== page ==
Johanna Mazibuko Wiki, Biography, Age, Family, Cause of Death, Facts

Mother-of-seven Johanna Mazibuko died in her Jouberton, North West Province, home on March 3, and would have been 129 in May, local reports said. Those close to her said she had ID documents that prove she was born on May 11, 1894, and grew up on a maize farm. She never went to school and could not read or write, they said.

A woman said to be the world’s oldest person has died in South Africa at the age of 128 having lived through three different centuries. Speaking to News24, her caregiver and daughter-in-law Thandiwe Wesinyana said Mazibuko may have died from a stroke. Mazibuko told the publication on her 128th birthday: ‘I am amazed at why I am still here after so many years. Why am I still here? People around me have been dying.

Johanna Mazibuko Age

Johanna Mazibuko was 128 years old.

‘World’s oldest woman’ dies aged 128

‘When will I die? What’s the point of being alive? The world has tired me because I am just sitting here doing nothing,’ she said. Mazibuko will be buried on Saturday in Jouberton, Klerksdorp She was one of 12 siblings of which three younger ones are still alive. Illiterate, she told News24: ‘We lived so well on the farms. There were no problems then. I can’t remember my childhood well but I do remember a locust infestation.

‘There were ones we could catch and eat. It was like you are eating meat. We would just fry them and eat the like that just on their own. ‘I grew up healthy eating mostly fresh milk and wild spinach. Now I eat modern food. I am used to it but I miss the food I grew up on’. She married an older widower Stawana Mazibuko, but cannot remember when. She said his first wife had died and he owned cows and she would make butter.

Johanna said: ‘He made sure I did not want for anything’. They had 7 children, two of whom are still alive, and has over 50 grandchildren and great-grandchildren and is being mourned in South Africa. Mazibuko survived both World Wars as well as two global pandemics (Covid-19 and the Spanish Flu). She was alive during Queen Victoria’s rein in Britain, the Wright brother’s first flight and the first Russian revolution.

Caregiver Thandiwe said she took her into the hospital on February 14 and was treated for a stroke and was discharged on February 28. She died at home three days later and will be buried on Saturday in Jouberton. Thandiwe told News24: ‘We loved to pray together and spent most of our days drinking tea and talking. I don’t know who I’m going to have fun with anymore.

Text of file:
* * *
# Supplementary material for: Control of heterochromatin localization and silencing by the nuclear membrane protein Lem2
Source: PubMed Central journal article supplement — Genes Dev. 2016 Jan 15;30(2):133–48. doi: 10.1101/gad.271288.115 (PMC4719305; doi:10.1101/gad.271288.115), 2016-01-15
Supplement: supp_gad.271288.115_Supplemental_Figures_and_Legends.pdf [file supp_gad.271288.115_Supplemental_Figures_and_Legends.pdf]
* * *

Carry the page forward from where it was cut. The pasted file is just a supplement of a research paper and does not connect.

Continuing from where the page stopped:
‘A wound has opened, my heart is sore, and I am shattered. The community is saddened. We’ve all lost a mother’ she said. Officially, the world’s oldest person is a San Francisco-born woman, aged 115. She was handed the title after the death of French nun Sister André, 118, earlier in 2023.

At the time of her birth Maria Branyas Morera – confirmed by Guinness World Records as the oldest person – was suffering from a second wave of the Bubonic plague. She is now considered a ‘supercentenarian’ – a title given to people once they pass the age of 110.

Morera, who has three children, 11 grandchildren and 13 great-grandchildren, attributes her old age to ‘order, tranquillity’ and ‘staying away from toxic people’. And despite her age, she is active on social media, frequently posting on Twitter with the help of her daughter. She is also a keen piano player.

Both Morera and Sister André survived a bout of Covid-19, making them the two oldest-known people to have survived the deadly virus. In 2021, it was claimed that an Eritrean man who died in September that year had been 127. Natabay Tinsiew’s family claimed that local records showed he was born in 1894, saying he was present when his village celebrated his 120th birthday in 2014.

The oldest-ever living person verified by Guinness was Frenchwoman Jeanne Louise Calment, who died aged 122 years and 164 days in 1997. Most centenarians (a person who has reached the age of 100 years) are found in the world’s so-called blue zones, where people live longer than average, such as Okinawa in Japan or on the Italian island of Sardinia.

But France, while not considered a blue zone, nonetheless has 30,000 centenarians, according to statistics institute Insee, with around 40 of them 110 or older. Last year Brazilian officials claimed to have found a woman who was 121 years old living in a small city in the state of Bahia.

The woman, called Maria Gomes dos Reis could have been born on June 16, 1900, making her by far the oldest person in the world. However, this has not yet been confirmed by, with her family needing to pay 4,000 Brazilian reais, around £640, and provide legal documents proving her age to Guinness World Records.

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